"It is easier to focus on an individual than to ask hard questions about what is going on in these institutions/offices."


Dr. Winn's supporters want me to forgive his insurance-fraud schemes because, well, he is a genius and may someday save the life of someone I love ["Brain Damage," Jan. 15]. The truth is, Winn's arrogance and greed got him caught. Winn made sure patients in the Washington area will not benefit from his professional skill. But not to worry. The "Old Boy Network" will make sure that Winn shows up at a first-rate university to teach what he knows.

Perhaps Dr. Winn and former corporate raiders from Enron, Arthur Andersen, etc., can team teach students how to screw the system.

Beth Allen



I was glad to see that last week's cover story dealt with the case of Dr. Winn ["Brain Damage," Jan. 15]. This case had not been getting much coverage in the media, and it deserves to get more.

I am an alumnus of the University of Washington and would like to be proud of my alma mater and see it succeed. However, when I get calls and letters from the UW, whining about its present funding crisis and asking me to donate money, I reply by telling them that if they can afford to give over $950,000 to Dr. Winn, they surely don't need any money from me.

Richard D. Fuhr



I read with great interest the article on Dr. H. Richard Winn and the attendant investigation ["Brain Damage," Jan. 15]. I have been disappointed with the lack of investigative reporting on this matter. Because of a guilty plea and the absence of a trial or public investigation, the public does not know what, if anything, happened. Let me pose some questions that to my knowledge have neither been addressed nor answered:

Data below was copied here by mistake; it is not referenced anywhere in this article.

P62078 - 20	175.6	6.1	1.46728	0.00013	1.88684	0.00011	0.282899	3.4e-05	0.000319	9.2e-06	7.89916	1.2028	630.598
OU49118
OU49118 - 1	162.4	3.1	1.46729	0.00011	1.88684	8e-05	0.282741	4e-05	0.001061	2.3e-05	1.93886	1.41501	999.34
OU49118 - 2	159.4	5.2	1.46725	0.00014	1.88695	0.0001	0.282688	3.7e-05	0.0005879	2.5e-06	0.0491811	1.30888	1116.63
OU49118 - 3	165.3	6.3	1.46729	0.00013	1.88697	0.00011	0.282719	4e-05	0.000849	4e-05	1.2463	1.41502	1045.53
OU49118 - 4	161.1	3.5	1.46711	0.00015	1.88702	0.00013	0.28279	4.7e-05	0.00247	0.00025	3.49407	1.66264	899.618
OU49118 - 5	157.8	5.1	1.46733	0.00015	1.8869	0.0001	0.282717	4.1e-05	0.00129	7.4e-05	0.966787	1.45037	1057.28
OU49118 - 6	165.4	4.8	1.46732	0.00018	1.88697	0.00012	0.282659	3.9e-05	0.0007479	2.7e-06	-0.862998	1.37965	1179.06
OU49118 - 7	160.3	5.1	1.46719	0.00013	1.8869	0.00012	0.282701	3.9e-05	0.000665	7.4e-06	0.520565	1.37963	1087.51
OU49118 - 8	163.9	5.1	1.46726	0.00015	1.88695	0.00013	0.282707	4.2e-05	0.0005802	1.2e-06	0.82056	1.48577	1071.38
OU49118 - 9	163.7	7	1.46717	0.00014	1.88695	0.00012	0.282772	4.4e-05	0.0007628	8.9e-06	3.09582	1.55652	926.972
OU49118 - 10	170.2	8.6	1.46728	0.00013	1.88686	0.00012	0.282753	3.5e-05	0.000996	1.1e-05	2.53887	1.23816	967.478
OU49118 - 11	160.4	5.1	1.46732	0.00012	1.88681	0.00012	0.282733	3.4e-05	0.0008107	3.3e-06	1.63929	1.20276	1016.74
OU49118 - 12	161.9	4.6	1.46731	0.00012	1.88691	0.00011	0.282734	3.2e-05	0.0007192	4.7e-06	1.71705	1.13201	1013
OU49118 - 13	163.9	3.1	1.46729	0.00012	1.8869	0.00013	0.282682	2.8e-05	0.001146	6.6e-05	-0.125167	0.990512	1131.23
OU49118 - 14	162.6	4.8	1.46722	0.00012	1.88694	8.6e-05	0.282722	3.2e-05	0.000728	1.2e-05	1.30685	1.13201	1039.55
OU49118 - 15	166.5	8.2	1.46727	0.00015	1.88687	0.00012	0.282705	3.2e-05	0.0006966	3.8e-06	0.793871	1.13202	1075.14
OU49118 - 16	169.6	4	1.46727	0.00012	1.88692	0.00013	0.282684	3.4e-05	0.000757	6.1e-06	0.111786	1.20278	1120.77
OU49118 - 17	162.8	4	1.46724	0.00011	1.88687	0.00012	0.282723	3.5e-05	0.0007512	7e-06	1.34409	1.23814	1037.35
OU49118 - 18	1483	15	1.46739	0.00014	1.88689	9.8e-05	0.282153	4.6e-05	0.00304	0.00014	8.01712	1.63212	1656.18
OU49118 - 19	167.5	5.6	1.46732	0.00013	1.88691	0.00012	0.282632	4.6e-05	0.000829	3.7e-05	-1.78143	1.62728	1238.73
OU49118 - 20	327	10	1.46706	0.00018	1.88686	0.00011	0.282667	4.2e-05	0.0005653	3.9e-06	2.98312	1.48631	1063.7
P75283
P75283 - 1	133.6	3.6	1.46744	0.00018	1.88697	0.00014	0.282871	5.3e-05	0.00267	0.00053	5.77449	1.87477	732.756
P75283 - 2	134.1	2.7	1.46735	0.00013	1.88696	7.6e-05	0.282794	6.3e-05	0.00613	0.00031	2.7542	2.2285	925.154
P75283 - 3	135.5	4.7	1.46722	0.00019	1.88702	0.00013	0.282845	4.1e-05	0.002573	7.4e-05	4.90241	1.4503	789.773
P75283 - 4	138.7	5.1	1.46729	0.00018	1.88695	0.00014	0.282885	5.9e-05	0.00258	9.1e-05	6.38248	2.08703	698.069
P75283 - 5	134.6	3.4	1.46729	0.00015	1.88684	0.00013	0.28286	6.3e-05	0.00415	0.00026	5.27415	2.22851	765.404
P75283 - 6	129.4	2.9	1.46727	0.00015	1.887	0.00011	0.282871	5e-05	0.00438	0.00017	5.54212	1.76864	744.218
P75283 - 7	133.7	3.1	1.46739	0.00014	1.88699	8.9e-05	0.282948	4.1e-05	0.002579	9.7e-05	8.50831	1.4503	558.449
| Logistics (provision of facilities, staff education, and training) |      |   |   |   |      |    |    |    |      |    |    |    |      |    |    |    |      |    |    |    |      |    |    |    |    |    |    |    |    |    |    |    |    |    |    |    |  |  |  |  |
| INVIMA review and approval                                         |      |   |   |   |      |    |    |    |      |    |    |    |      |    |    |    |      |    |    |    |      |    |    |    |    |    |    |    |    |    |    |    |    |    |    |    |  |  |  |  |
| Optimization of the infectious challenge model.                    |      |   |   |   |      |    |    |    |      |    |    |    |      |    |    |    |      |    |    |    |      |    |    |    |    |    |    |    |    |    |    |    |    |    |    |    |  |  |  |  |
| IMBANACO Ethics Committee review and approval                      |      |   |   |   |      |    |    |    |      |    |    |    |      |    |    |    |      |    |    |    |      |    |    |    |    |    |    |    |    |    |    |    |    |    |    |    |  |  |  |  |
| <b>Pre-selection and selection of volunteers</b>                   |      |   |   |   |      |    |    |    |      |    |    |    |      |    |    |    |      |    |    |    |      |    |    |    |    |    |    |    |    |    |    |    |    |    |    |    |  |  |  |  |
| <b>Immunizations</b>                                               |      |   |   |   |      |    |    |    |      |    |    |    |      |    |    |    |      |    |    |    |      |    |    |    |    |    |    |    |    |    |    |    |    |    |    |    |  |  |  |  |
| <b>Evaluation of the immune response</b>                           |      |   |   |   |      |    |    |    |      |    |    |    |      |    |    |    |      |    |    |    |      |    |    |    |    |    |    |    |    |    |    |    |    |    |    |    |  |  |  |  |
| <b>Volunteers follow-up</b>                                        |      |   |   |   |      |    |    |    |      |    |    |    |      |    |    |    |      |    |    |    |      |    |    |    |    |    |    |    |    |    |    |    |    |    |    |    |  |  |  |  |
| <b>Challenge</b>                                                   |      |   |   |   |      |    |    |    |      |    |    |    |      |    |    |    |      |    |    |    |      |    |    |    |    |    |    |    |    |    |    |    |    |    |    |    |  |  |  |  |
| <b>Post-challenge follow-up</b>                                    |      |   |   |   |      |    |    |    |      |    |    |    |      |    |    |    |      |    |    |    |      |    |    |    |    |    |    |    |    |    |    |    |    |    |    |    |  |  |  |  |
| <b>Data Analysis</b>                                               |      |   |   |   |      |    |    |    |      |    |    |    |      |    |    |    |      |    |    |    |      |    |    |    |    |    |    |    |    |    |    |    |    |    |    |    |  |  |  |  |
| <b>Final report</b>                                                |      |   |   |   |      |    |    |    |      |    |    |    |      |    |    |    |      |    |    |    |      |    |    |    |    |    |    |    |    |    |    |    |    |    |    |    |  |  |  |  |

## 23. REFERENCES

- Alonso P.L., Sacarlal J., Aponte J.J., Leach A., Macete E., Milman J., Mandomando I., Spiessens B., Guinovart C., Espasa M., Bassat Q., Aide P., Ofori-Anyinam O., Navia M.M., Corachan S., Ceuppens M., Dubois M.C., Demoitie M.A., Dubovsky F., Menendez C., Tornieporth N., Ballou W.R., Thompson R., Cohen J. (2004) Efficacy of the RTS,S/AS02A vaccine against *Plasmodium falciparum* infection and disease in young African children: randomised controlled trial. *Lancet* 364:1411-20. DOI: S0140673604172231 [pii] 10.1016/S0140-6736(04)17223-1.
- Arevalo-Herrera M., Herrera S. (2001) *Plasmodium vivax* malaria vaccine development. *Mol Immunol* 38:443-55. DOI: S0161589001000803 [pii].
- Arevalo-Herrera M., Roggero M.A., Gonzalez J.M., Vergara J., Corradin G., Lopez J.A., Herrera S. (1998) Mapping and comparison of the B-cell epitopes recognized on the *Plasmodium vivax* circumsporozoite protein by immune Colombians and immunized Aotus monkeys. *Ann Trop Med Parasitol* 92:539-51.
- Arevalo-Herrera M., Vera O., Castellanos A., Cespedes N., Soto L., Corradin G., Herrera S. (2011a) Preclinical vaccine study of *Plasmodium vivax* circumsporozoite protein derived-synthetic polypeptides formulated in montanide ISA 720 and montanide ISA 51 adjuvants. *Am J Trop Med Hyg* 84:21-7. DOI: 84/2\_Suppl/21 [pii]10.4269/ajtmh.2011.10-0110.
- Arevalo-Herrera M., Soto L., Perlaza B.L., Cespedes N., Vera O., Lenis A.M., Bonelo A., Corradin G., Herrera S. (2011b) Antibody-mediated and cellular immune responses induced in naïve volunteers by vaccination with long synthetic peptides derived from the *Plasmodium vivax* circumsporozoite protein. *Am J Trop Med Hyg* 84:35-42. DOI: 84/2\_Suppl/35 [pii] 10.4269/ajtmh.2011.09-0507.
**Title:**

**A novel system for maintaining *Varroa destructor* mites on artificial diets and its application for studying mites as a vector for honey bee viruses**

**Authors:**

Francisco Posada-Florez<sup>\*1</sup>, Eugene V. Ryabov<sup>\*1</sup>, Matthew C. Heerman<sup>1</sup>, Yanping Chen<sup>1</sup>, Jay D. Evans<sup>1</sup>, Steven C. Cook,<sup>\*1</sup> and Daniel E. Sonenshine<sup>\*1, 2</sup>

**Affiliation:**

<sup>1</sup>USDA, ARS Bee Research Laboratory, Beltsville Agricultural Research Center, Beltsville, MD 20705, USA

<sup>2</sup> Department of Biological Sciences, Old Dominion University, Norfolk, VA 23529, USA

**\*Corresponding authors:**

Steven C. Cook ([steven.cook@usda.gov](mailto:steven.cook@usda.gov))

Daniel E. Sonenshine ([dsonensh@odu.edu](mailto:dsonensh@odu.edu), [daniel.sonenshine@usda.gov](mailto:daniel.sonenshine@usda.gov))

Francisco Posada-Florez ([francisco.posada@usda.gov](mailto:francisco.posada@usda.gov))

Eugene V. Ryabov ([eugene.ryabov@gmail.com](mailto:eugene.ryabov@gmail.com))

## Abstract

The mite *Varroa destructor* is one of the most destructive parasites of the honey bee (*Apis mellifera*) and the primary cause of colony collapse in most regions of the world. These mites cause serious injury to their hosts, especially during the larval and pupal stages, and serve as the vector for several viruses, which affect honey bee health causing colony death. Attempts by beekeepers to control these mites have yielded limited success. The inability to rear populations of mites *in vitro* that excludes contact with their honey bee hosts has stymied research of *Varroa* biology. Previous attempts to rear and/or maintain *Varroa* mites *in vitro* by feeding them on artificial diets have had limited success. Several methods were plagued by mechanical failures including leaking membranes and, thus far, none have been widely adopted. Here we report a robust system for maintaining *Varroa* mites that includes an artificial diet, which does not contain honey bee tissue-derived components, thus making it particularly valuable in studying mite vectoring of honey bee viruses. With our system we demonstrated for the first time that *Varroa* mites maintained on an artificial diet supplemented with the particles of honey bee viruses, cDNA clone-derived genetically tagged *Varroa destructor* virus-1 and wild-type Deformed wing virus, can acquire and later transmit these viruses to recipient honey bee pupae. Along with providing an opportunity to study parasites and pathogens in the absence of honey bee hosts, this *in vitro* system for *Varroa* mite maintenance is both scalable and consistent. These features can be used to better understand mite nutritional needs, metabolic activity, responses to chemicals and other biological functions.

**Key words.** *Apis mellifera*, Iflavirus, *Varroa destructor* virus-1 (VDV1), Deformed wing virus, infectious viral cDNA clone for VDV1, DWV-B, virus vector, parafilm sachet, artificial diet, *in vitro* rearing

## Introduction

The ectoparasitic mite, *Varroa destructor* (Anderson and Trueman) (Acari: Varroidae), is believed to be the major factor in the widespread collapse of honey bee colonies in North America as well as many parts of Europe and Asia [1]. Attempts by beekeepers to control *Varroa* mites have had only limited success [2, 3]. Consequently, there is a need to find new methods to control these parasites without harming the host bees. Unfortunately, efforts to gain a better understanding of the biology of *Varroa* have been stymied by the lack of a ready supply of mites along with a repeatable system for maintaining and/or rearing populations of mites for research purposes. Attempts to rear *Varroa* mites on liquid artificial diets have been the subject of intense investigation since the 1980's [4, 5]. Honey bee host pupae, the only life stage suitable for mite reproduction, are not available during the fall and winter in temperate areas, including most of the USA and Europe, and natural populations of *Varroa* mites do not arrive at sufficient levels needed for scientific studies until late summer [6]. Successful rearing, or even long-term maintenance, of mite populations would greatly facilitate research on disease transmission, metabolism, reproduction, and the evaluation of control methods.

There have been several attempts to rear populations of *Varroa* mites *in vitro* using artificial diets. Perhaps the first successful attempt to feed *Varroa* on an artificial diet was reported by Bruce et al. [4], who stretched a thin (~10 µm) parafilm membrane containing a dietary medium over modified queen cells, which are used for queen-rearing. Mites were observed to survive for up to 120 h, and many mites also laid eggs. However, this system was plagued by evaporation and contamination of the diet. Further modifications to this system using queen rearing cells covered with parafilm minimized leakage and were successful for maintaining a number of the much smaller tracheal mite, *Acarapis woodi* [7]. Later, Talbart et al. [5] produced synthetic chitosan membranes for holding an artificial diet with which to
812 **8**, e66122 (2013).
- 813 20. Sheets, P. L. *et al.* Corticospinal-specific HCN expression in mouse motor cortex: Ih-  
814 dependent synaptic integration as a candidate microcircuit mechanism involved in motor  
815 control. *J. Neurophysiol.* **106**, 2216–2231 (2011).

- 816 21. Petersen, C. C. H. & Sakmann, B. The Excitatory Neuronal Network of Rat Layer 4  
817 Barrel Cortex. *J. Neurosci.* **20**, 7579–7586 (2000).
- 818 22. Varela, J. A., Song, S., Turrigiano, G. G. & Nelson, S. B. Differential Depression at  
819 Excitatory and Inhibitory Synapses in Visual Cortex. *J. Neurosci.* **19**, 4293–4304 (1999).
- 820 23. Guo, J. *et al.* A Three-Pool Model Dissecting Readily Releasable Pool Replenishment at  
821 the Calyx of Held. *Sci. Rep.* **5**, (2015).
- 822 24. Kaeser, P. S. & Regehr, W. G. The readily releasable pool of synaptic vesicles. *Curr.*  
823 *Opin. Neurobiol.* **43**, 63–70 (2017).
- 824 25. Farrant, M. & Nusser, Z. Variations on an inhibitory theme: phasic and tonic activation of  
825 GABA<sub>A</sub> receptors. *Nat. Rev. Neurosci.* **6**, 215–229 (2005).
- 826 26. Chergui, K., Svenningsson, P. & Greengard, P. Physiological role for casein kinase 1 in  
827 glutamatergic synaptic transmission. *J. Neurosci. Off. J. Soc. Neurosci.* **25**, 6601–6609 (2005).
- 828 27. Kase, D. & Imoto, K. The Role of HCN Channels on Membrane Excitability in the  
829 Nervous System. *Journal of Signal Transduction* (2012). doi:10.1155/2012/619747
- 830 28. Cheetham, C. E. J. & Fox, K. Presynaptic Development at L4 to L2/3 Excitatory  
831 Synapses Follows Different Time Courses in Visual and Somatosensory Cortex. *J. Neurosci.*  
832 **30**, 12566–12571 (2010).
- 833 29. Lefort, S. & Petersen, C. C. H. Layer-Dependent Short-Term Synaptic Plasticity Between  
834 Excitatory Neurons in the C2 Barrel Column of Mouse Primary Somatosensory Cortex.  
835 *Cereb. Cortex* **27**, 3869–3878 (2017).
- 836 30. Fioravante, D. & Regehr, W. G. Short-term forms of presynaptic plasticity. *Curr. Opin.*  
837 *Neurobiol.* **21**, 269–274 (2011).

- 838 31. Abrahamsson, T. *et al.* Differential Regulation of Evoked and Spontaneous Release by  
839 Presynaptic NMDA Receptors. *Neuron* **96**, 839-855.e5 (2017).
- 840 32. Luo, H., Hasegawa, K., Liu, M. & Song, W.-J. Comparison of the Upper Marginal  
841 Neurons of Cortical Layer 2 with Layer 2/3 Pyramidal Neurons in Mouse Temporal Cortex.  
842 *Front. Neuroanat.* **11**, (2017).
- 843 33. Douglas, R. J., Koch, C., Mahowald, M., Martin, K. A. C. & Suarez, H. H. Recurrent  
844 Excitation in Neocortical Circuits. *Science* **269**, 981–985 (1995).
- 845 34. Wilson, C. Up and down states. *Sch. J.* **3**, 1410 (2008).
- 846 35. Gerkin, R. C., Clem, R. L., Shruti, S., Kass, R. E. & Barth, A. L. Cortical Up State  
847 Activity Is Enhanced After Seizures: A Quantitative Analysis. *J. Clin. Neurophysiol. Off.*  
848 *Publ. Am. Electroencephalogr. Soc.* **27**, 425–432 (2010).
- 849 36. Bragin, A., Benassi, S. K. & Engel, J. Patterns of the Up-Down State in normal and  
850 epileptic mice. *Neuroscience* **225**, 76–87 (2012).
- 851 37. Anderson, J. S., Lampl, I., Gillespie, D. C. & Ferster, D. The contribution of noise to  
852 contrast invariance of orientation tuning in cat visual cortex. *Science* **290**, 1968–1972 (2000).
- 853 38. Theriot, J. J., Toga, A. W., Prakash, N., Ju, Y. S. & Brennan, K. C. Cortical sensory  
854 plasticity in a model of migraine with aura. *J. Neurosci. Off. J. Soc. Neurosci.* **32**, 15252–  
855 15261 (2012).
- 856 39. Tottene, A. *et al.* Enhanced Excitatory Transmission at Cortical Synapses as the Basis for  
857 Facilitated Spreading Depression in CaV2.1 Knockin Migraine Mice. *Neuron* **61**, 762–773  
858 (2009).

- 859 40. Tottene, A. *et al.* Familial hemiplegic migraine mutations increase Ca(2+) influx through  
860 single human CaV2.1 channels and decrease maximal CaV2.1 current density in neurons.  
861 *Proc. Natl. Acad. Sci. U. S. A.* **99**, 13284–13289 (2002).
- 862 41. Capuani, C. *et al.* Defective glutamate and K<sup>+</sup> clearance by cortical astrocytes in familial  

(1) Why, after the University of Pennsylvania was fined $30 million in civil fines for Medicare problems in 1995, did not the UW make sure they were in compliance with Medicare regulations? (2) Did the UW not have a compliance officer in place, and were UW Physicians staff not well trained? (3) Did the UW do their own investigation, and if so, what are the results? (4) Did the U.S. attorney's office place pressure on the UW to "give up" department heads in return for not imposing harsher measures on the university? (5) It was reported that the UW intervened to push for a plea bargain with Winn hours before he was going to be charged with fraud. Why would the UW do this at such a high price? (6) It would appear that Winn was going to fight the fraud charge. But if he believed himself to be innocent of fraud (it has been reported that he passed lie detector tests with respect to this charge), where did the obstruction of justice charge/plea come from? (Was this a "charge of convenience" that was part of the deal so the U.S. attorney's office could have their felony conviction and the UW would not have to have a trial? The issue of the trial comes up again and again, but no one asks why the UW was so concerned to avoid a trial.)

I should note that a family member worked for Dr. Winn. But the above questions are easily generated from the existing press coverage. Let's face facts: Both the UW and the U.S. attorney's office wield a lot of power. It is easier to focus on an individual than to ask hard questions about what is going on in these institutions/offices. Given that the UW is a public institution, it is amazing that so many questions aren't being asked, much less answered. Courtrooms are not necessarily the best place to find the truth, but the public is not even going to be given that opportunity. It is perhaps too much to ask an individual, in this case Dr. Winn (and the other doctors under investigation at the UW), to give up the practice of medicine to engage in a legal battle that would drag on for years and quickly deplete any resources.

In the absence of a trial, we have the Fourth Estate. There is a great deal of work left to be done!